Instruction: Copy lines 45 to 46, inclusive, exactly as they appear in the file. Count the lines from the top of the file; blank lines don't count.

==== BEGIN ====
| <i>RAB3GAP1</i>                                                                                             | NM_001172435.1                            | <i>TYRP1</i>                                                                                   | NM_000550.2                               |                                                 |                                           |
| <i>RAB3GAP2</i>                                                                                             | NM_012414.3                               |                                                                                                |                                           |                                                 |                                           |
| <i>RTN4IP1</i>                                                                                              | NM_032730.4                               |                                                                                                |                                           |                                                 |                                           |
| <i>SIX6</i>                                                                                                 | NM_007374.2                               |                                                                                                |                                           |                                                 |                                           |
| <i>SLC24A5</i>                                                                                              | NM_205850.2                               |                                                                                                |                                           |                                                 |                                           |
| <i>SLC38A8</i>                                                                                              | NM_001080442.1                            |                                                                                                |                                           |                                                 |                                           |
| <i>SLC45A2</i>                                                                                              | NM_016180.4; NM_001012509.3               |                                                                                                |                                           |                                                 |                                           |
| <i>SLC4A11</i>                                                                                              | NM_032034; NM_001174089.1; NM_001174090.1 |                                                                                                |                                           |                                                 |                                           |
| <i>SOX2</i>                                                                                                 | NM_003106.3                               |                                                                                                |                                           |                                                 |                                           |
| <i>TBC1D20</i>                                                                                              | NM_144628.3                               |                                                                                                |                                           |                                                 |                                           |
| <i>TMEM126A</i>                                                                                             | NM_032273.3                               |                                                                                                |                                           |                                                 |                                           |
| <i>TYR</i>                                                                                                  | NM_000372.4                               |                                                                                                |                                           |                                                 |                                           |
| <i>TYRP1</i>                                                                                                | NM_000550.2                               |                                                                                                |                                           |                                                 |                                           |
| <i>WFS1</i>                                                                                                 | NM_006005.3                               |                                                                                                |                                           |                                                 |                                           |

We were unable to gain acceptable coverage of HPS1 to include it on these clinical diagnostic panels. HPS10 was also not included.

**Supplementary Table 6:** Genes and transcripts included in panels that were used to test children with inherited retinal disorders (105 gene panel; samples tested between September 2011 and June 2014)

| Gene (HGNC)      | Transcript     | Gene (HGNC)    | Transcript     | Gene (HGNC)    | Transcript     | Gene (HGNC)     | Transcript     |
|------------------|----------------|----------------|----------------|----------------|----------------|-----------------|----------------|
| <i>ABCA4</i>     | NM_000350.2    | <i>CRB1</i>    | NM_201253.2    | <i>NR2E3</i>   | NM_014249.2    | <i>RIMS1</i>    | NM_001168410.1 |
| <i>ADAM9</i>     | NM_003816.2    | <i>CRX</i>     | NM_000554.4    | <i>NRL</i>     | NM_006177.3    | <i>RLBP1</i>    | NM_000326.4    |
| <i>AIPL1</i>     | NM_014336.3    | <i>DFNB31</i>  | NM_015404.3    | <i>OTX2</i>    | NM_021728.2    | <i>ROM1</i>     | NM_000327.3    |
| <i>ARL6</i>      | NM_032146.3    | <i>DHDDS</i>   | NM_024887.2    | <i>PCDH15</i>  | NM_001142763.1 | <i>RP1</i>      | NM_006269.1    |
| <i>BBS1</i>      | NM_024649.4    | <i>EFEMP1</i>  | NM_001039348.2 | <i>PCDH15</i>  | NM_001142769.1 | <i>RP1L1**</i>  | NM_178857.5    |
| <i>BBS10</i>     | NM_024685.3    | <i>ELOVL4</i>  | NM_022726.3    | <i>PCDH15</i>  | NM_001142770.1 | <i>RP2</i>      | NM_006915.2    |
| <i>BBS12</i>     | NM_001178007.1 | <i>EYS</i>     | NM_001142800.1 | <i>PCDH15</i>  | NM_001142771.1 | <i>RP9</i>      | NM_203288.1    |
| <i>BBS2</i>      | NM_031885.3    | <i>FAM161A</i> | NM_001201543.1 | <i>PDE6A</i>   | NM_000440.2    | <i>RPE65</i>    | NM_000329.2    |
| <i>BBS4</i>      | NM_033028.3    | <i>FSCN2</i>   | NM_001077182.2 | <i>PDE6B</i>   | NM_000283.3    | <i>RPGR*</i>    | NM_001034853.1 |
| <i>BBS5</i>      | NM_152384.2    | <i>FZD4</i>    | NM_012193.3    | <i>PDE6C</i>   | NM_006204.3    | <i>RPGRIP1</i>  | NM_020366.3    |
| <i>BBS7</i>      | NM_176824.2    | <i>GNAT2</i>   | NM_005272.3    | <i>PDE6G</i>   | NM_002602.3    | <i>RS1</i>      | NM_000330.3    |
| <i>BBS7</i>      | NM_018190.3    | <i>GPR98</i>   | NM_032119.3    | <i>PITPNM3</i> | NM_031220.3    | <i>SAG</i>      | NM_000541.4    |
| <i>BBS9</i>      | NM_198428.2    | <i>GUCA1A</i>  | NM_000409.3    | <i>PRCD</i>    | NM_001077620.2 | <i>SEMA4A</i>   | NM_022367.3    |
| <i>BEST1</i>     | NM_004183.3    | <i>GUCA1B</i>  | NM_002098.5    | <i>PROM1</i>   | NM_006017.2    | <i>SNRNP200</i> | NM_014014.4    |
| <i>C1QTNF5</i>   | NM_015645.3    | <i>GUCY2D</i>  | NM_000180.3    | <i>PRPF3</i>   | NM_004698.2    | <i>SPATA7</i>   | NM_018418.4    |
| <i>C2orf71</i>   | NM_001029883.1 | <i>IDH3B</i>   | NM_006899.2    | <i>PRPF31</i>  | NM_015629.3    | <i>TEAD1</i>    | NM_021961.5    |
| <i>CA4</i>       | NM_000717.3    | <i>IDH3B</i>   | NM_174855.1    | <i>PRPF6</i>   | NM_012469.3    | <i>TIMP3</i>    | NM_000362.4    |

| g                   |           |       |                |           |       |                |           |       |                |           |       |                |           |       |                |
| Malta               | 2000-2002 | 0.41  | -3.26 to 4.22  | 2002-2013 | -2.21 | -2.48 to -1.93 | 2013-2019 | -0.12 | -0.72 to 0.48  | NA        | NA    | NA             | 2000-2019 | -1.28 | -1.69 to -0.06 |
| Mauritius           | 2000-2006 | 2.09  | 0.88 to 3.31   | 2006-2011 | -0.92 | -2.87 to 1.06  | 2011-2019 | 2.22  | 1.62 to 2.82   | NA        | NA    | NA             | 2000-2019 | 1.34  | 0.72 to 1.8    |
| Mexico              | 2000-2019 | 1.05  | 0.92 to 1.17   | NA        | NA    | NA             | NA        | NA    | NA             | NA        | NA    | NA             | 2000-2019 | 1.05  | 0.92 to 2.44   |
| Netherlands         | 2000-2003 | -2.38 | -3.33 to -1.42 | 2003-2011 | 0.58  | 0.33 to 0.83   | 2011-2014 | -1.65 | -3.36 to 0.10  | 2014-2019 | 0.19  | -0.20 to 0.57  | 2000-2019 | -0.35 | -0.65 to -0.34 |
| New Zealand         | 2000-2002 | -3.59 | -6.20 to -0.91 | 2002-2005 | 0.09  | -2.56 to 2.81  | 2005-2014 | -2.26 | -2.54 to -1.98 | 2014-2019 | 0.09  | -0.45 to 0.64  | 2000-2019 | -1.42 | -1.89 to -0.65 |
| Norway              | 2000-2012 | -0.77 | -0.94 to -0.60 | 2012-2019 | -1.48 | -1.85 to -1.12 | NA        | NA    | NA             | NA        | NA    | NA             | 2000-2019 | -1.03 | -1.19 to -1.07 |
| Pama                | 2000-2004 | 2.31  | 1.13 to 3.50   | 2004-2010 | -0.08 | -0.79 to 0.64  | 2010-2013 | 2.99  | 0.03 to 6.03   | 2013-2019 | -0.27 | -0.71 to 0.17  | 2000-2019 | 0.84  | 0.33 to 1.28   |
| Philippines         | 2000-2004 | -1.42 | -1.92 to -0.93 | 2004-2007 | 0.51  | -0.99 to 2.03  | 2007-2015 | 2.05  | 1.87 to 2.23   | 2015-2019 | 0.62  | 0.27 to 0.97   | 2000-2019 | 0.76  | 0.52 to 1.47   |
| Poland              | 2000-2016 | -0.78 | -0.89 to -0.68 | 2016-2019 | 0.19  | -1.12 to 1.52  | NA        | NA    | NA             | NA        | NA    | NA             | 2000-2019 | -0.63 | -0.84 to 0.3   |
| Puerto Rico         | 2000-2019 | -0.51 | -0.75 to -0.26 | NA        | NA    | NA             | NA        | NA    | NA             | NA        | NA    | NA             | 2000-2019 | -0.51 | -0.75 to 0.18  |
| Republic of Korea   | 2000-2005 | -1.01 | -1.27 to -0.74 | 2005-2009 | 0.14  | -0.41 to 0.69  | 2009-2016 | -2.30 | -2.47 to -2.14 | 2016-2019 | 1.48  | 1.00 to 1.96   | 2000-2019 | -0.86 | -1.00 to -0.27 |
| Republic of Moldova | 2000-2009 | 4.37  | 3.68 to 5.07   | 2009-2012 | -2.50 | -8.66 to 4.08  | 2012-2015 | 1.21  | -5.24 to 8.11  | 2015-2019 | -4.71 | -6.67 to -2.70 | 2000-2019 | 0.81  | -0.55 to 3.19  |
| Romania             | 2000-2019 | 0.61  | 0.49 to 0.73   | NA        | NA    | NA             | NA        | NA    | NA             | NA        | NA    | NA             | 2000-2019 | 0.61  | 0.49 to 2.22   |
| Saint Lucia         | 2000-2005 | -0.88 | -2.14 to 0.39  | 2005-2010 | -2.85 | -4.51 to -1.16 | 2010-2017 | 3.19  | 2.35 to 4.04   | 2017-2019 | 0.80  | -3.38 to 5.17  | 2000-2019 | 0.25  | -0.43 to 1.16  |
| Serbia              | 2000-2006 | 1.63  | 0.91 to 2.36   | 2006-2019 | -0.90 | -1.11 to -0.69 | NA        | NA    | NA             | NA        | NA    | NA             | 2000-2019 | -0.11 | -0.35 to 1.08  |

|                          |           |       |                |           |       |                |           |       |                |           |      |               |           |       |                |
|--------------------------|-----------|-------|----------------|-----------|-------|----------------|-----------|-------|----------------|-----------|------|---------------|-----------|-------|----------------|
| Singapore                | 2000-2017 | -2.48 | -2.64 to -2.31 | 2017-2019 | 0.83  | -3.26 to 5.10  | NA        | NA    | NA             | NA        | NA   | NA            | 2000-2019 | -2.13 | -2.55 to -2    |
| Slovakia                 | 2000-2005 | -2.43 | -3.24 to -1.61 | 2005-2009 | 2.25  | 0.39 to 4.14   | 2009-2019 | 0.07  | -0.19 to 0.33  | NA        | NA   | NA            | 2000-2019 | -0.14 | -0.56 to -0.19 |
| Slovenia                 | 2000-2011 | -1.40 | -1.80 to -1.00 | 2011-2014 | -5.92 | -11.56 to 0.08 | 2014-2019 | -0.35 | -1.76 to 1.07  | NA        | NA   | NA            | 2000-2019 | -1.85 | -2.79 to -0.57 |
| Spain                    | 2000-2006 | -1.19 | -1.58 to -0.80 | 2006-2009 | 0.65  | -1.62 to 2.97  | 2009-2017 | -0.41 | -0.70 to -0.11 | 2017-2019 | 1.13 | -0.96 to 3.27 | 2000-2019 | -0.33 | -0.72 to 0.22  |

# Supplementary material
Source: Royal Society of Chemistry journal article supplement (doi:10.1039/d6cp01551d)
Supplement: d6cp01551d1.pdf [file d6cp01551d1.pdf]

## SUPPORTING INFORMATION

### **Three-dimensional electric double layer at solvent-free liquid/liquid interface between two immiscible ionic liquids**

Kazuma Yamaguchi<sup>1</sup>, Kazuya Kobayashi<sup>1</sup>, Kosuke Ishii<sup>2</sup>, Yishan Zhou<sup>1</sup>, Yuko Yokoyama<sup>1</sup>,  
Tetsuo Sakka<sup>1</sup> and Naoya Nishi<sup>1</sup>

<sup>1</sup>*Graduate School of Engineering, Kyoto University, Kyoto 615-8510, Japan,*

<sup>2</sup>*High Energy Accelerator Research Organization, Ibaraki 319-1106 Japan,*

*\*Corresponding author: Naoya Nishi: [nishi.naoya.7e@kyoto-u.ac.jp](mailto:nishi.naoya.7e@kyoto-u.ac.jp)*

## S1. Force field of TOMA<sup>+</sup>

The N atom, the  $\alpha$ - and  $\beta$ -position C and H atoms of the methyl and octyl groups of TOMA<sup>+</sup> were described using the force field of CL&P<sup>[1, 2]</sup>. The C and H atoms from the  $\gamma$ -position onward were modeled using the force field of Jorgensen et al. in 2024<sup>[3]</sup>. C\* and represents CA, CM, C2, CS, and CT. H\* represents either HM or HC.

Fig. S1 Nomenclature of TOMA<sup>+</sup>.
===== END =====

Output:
| Poland              | 2000-2016 | -0.78 | -0.89 to -0.68 | 2016-2019 | 0.19  | -1.12 to 1.52  | NA        | NA    | NA             | NA        | NA    | NA             | 2000-2019 | -0.63 | -0.84 to 0.3   |
| Puerto Rico         | 2000-2019 | -0.51 | -0.75 to -0.26 | NA        | NA    | NA             | NA        | NA    | NA             | NA        | NA    | NA             | 2000-2019 | -0.51 | -0.75 to 0.18  |